The opening vote was 30% in favour of the motion, 30% against the motion and 40% undecided.
The closing vote was 39% in favour of the motion and 61% against.
Yes, Michael and David won.
Supplementary information from Wikipedia:
“Between 1980 and 1994 more than 1,600 banks insured by the Federal Deposit Insurance Corporation (FDIC) were closed or received FDIC financial assistance.
From 1986 to 1995, the number of US federally insured savings and loans in the United States declined from 3,234 to 1,645. This was primarily, but not exclusively, due to unsound real estate lending.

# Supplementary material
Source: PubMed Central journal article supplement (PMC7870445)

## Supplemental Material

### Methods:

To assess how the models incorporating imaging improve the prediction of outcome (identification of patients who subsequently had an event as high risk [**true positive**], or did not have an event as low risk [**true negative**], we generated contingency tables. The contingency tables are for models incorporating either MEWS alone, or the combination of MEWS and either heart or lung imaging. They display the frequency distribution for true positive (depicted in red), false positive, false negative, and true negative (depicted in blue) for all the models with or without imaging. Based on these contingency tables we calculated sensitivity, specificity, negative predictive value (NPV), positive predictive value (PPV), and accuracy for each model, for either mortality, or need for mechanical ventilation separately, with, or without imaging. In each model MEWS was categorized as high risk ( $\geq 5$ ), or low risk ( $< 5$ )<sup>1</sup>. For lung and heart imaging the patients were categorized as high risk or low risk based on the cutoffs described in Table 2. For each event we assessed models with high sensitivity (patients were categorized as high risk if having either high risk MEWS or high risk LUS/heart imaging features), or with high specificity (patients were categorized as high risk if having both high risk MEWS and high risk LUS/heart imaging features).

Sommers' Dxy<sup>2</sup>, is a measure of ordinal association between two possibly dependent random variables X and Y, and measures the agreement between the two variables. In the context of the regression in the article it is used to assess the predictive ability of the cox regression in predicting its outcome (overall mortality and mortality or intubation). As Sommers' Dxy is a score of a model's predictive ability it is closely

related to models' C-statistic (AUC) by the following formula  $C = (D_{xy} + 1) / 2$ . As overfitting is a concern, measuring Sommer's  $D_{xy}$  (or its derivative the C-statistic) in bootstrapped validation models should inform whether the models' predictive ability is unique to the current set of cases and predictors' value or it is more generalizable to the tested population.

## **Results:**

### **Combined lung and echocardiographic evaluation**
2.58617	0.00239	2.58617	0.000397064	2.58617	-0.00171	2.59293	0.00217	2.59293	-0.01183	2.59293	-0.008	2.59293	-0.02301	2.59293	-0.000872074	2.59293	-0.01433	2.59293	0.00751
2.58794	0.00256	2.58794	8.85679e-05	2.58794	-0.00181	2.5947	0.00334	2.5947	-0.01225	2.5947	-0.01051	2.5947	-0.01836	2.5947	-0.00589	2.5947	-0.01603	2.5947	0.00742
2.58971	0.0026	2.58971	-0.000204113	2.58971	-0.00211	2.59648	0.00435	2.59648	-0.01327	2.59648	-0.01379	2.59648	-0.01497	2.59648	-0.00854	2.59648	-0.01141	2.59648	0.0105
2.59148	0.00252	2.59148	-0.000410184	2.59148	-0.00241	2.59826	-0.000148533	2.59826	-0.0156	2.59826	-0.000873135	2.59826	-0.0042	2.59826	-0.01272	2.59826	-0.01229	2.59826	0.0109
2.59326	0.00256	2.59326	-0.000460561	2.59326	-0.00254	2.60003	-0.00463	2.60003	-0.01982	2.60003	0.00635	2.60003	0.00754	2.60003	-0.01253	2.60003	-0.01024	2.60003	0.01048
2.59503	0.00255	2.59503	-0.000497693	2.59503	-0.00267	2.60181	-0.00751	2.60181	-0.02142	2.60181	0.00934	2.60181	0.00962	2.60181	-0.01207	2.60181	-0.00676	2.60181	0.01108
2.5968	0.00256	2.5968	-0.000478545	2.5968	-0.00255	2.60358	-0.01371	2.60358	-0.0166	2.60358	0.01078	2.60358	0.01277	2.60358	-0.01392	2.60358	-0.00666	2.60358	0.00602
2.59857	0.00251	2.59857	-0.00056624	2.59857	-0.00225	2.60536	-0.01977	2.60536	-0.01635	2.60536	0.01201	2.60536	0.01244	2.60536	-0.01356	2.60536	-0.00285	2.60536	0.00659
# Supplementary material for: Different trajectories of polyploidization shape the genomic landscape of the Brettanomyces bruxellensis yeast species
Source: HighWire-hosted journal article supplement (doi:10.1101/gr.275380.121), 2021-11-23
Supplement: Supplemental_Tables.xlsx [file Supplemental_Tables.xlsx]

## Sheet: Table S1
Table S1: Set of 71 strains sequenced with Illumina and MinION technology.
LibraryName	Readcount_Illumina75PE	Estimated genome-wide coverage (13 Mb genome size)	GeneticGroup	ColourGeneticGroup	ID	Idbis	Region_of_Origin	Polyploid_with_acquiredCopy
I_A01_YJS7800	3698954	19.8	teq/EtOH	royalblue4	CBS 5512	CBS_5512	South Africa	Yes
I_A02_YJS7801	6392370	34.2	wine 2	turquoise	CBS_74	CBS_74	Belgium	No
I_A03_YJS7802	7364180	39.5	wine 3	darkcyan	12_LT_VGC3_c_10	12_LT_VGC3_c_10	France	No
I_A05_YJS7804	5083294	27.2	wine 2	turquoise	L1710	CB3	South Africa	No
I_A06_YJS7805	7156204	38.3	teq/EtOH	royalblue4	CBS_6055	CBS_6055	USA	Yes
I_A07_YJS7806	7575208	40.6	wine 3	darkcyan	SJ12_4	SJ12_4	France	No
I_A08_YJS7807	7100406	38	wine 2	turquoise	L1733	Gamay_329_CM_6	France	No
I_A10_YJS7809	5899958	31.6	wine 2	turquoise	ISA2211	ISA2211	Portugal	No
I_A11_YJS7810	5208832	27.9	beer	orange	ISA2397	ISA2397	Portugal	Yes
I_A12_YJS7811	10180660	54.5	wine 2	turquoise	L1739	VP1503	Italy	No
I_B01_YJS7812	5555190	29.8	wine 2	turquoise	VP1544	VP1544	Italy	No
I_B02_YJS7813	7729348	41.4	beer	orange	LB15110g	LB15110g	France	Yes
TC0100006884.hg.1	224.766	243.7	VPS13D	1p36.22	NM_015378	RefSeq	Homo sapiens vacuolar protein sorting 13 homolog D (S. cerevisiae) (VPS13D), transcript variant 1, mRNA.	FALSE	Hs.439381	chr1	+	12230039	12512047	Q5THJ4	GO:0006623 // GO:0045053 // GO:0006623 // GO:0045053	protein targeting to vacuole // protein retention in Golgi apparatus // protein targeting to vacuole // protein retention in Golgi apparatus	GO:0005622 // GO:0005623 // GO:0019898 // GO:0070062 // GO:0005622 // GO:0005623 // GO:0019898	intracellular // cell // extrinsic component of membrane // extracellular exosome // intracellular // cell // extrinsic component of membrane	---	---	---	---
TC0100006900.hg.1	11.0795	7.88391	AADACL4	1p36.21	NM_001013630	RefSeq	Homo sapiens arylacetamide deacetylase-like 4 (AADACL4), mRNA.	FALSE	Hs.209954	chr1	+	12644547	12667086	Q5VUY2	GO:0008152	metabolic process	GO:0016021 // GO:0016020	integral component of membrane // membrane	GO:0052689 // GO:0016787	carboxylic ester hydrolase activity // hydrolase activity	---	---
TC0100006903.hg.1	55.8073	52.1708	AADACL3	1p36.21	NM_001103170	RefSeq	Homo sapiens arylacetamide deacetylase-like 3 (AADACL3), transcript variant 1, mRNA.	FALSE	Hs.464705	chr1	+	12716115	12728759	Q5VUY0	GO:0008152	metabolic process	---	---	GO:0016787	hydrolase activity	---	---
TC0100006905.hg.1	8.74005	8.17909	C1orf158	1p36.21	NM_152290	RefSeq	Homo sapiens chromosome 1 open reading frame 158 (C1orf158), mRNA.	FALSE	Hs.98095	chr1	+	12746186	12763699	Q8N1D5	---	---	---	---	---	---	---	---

The market share of S&Ls for single family mortgage loans went from 53% in 1975 to 30% in 1990. U.S. General Accounting Office estimated cost of the crisis to around USD $160.1 billion, about $124.6 billion of which was directly paid for by the U.S. government from 1986 to 1996. That figure does not include thrift insurance funds used before 1986 or after 1996. It also does not include state run thrift insurance funds or state bailouts.
The U.S. government ultimately appropriated 105 billion dollars to resolve the crisis. After banks repaid loans through various procedures, there was a net loss to taxpayers of 40 billion dollars by the end of 1999.”
Related News Articles
- “Motion Calling For More Financial Regulation Is Defeated” Complinet.com (16 January 2009).
- “More Regulation Won’t Stop Mis-Selling” FTAdviser.com (15 January 2009).